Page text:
14 posted on 07/16/2008 10:48:47 AM PDT by DGHoodini (Nor shall my sword sleep in my hand)
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To: DGHoodini
This could be big.

Or not. Carbon has been used for a long time in electrode stacks. It's reducing the amount of expensive rare catalytic metals like platinum that's important and would bring these things into the affordable range.

There is a lot of research going on in this area and several different methods for reducing cost and improving electrode efficiency such as carbon nano tubes.

Direct methanol fuel cells will probably be the first fuel cells you see in autos because of their high power output- if they can get the cost of the fuel cell down.

15 posted on 07/16/2008 10:52:32 AM PDT by Nathan Zachary
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To: DGHoodini

I agree that nuclear is the way to go. Proven technology for sixty years. Once we have cheap and plentiful electricity again, we can free up natural gas for transportation fuel which is now being burned in powerplants, and petroleum for the petrochemical industry.


16 posted on 07/16/2008 10:55:36 AM PDT by SpaceBar
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To: AU72

The oil producing nations may be raking it in now, but that goose they’re savoring now..is their proverbial golden egg laying gander.


17 posted on 07/16/2008 10:59:30 AM PDT by DGHoodini (Nor shall my sword sleep in my hand)
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To: CyberSpartacus
"Everybody has hydrogen production capability. It’s called a battery, two electordes, and water."

Except it isn't cost effective. It takes more energy to make hydrogen than the energy produced by using that hydrogen in a fuel cell.

Methanol fuel cells are more cost effective because methanol is cheaper to produce.

using regular gasoline in a fuel cell would be even cheaper, but because "fossil" fuels has sulpher in it it poisons the cell eventually.

Why use gas in a fuel cell you say? because the fuel cell converts it into energy many times more efficiently than burning it does, and it does it much cleaner.

Methanol is a better fuel for a fuel cell because it has no sulfur in it.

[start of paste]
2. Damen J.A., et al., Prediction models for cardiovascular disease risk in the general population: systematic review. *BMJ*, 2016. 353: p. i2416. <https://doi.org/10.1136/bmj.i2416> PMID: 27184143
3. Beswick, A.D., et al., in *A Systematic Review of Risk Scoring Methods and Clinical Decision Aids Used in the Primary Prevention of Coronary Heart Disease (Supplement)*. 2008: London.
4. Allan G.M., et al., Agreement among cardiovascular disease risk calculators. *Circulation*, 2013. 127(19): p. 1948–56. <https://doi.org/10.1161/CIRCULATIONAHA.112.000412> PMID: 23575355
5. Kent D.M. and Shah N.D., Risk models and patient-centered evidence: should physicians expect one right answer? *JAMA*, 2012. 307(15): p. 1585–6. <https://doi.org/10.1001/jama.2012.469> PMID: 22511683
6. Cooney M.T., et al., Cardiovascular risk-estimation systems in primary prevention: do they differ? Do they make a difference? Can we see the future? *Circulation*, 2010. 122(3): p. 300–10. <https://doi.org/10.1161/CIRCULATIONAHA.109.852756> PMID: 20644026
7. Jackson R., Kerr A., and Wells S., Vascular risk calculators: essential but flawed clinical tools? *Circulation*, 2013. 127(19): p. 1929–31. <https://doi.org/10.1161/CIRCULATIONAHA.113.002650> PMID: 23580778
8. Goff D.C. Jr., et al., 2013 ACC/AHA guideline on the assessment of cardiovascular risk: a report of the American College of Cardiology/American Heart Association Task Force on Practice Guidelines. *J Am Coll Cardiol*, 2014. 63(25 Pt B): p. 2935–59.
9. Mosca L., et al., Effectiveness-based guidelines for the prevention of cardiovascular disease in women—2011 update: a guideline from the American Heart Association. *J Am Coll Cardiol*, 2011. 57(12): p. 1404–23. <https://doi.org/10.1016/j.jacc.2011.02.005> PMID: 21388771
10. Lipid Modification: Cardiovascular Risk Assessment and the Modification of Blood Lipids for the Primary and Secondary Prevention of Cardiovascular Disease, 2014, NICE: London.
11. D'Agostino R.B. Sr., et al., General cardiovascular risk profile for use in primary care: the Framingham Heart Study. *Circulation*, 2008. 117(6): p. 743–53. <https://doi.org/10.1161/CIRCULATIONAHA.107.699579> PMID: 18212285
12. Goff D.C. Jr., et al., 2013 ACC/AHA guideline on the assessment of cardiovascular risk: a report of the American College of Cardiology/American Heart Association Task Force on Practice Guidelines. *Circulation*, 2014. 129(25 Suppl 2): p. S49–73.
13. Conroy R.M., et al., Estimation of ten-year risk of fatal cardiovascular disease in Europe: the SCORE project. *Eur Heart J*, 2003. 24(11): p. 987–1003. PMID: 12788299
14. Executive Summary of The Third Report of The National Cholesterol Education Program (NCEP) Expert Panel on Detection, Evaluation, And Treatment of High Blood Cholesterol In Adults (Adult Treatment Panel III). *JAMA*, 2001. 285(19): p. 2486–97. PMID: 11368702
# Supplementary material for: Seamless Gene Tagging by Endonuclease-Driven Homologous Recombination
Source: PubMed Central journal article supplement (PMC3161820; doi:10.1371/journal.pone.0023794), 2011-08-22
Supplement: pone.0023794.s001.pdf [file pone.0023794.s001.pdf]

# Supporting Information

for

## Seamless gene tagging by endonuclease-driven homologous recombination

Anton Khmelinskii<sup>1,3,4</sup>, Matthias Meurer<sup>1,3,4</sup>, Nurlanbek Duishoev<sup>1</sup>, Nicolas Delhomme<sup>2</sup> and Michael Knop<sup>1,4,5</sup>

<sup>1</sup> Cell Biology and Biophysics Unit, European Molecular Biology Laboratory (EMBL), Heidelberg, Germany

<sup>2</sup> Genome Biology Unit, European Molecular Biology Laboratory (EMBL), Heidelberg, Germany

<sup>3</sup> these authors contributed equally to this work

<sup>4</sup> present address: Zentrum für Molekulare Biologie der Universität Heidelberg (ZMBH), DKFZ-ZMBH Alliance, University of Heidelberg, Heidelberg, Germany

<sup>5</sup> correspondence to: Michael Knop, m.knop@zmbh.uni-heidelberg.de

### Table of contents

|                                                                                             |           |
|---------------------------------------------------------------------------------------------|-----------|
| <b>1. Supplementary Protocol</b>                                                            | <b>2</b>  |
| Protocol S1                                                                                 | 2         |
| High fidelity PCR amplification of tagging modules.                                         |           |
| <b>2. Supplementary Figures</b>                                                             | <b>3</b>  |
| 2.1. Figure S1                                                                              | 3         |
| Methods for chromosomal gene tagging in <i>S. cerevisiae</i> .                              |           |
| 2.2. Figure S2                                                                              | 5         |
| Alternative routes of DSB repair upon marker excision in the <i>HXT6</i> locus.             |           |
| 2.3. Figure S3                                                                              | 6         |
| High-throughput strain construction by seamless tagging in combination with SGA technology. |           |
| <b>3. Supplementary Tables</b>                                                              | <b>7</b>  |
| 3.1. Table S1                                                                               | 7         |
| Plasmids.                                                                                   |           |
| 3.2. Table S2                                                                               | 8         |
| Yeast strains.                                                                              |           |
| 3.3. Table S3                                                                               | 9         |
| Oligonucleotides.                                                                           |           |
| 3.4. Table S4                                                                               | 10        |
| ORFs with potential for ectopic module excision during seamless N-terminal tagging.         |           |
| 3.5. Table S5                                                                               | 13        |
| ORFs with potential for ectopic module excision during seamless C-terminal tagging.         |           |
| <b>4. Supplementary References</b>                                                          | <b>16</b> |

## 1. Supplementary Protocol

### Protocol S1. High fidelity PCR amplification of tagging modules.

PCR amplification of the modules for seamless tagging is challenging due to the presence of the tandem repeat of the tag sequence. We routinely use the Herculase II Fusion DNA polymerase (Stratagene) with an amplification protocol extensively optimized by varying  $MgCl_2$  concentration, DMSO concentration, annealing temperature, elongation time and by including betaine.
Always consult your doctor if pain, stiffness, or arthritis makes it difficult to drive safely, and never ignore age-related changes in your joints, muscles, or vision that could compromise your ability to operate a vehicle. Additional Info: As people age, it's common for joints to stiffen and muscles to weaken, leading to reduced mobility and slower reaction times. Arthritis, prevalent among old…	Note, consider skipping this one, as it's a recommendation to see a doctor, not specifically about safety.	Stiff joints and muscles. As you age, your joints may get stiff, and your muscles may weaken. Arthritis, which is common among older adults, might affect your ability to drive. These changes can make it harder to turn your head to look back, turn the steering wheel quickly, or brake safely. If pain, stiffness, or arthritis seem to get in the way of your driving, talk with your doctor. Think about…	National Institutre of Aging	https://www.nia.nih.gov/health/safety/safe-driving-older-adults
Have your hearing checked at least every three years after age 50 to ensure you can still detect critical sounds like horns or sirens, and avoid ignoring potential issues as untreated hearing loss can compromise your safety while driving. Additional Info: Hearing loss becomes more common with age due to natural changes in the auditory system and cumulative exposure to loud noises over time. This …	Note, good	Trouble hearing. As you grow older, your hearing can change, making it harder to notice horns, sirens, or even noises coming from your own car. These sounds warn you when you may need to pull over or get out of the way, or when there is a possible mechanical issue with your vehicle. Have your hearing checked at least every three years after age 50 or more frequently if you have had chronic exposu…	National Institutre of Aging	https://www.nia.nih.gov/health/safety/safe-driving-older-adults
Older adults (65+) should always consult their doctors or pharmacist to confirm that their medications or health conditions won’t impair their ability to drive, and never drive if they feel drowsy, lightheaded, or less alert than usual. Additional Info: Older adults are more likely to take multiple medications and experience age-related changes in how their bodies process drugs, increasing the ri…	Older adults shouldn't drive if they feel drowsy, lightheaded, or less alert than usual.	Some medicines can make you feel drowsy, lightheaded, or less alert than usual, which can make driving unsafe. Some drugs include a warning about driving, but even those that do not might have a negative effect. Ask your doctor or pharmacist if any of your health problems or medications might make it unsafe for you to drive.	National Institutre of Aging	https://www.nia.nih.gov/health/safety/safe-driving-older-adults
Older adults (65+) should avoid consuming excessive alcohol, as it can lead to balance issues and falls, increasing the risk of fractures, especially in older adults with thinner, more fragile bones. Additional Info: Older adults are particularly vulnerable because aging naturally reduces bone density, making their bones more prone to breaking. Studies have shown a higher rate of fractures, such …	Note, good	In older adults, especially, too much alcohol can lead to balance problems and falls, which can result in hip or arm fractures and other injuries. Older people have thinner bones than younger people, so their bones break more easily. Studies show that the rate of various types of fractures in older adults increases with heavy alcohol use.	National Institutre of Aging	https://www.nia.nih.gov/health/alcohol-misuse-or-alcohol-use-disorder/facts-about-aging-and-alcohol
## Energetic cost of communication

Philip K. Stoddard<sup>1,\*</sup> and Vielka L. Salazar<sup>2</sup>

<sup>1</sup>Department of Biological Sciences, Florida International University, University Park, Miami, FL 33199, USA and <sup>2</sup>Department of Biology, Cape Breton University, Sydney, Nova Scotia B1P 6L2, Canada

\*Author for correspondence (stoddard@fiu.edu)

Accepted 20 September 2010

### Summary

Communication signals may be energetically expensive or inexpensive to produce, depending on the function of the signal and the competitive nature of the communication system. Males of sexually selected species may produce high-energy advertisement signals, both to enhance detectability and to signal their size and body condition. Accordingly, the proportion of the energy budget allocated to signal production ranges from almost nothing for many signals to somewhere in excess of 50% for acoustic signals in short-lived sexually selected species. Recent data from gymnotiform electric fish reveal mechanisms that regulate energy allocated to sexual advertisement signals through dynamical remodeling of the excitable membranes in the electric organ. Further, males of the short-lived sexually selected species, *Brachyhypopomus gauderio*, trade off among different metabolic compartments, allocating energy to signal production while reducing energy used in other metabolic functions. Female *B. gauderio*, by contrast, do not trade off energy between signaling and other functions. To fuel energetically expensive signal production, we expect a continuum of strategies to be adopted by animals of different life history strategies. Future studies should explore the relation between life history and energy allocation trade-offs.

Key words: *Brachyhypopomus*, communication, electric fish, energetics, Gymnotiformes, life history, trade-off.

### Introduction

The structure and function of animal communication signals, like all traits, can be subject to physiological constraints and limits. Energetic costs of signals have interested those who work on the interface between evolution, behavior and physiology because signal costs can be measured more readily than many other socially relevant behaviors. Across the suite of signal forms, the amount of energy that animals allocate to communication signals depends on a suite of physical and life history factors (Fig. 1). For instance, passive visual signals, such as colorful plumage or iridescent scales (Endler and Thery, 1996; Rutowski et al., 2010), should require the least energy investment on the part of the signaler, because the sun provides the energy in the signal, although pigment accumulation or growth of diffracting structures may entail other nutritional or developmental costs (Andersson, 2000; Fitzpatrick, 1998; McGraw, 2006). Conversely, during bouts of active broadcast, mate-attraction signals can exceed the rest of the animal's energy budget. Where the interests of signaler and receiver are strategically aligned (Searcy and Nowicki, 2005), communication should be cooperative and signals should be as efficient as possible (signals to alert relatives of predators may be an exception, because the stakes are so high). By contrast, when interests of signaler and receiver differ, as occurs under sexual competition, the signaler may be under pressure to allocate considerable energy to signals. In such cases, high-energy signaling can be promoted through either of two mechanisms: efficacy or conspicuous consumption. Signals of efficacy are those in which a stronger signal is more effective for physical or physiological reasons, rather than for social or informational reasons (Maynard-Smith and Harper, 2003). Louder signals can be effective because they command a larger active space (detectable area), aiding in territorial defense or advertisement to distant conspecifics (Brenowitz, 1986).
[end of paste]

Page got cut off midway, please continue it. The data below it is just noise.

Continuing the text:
18 posted on 07/16/2008 11:01:41 AM PDT by Nathan Zachary
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To: DGHoodini

I would have guessed 1/100th as much at Pt.

Carbon’s funny stuff. The price goes from about $300/ton to about $35,000,000,000/ton.

(Charcoal to diamond)...


19 posted on 07/16/2008 11:02:52 AM PDT by null and void (Barack Obama - International Man of Mystery...)
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To: fella
But yoy still have to split the H from the O2 and that takes energy.

Yes, but there is value in converting from a wire tied to a fixed source to portable.

20 posted on 07/16/2008 11:04:54 AM PDT by null and void (Barack Obama - International Man of Mystery...)
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To: DGHoodini
"The oil producing nations may be raking it in now, but that goose they’re savoring now..is their proverbial golden egg laying gander."

I wouldn't say that. You can bet your last dollar that gasoline will be the most used fuel in an automotive fuel cell. They'll just refine it better to remove all the sulpher so it doesn't poison the cell. Using gasoline in a fuel cell is ok, because it's not being burned,thus producing pollutants like carbon monoxide, hydrocarbons, sulfer dioxide etc. They will be just as 'clean' as ethanol or hydrogen.

21 posted on 07/16/2008 11:07:21 AM PDT by Nathan Zachary
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To: Nathan Zachary
using regular gasoline in a fuel cell would be even cheaper, but because "fossil" fuels has sulpher in it it poisons the cell eventually.

Sulfur and lead poison Pt catalysts. Do they poison nanosphere carbon catalysts?

22 posted on 07/16/2008 11:07:54 AM PDT by null and void (Barack Obama - International Man of Mystery...)
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To: SpaceBar
T Boone Pickens Plan is somewhat like that,....cept he would use wind energy...and he has a company Clean Energy to sell Compressed natural Gas for Fleet use...

Orange county California runs the Bus system using CNG....from his source...

Also the Long Beach Harbor has a Fuel Station..

News:

T. Boone Pickens' $2 Billion Bet on Wind Energy

************************EXCERPT******************

By Jennifer Yousfi

T. Boone Pickens made his fortune in oil. But now the Dallas oilman and famed former corporate raider is betting $2 billion that he can have the same success with a new source of energy - wind.

Pickens’ Mesa Power LLP yesterday (Thursday) unveiled the first phase of an eventual $10 billion alternative energy project that has the potential to become the world’s largest wind farm.

"You find an oilfield, it peaks and starts declining, and you’ve got to find another one to replace it," Pickens, who once operated one of the largest independent oil-and-gas production companies in the country, said of the deal. "It can drive you crazy. With wind, there’s no decline curve."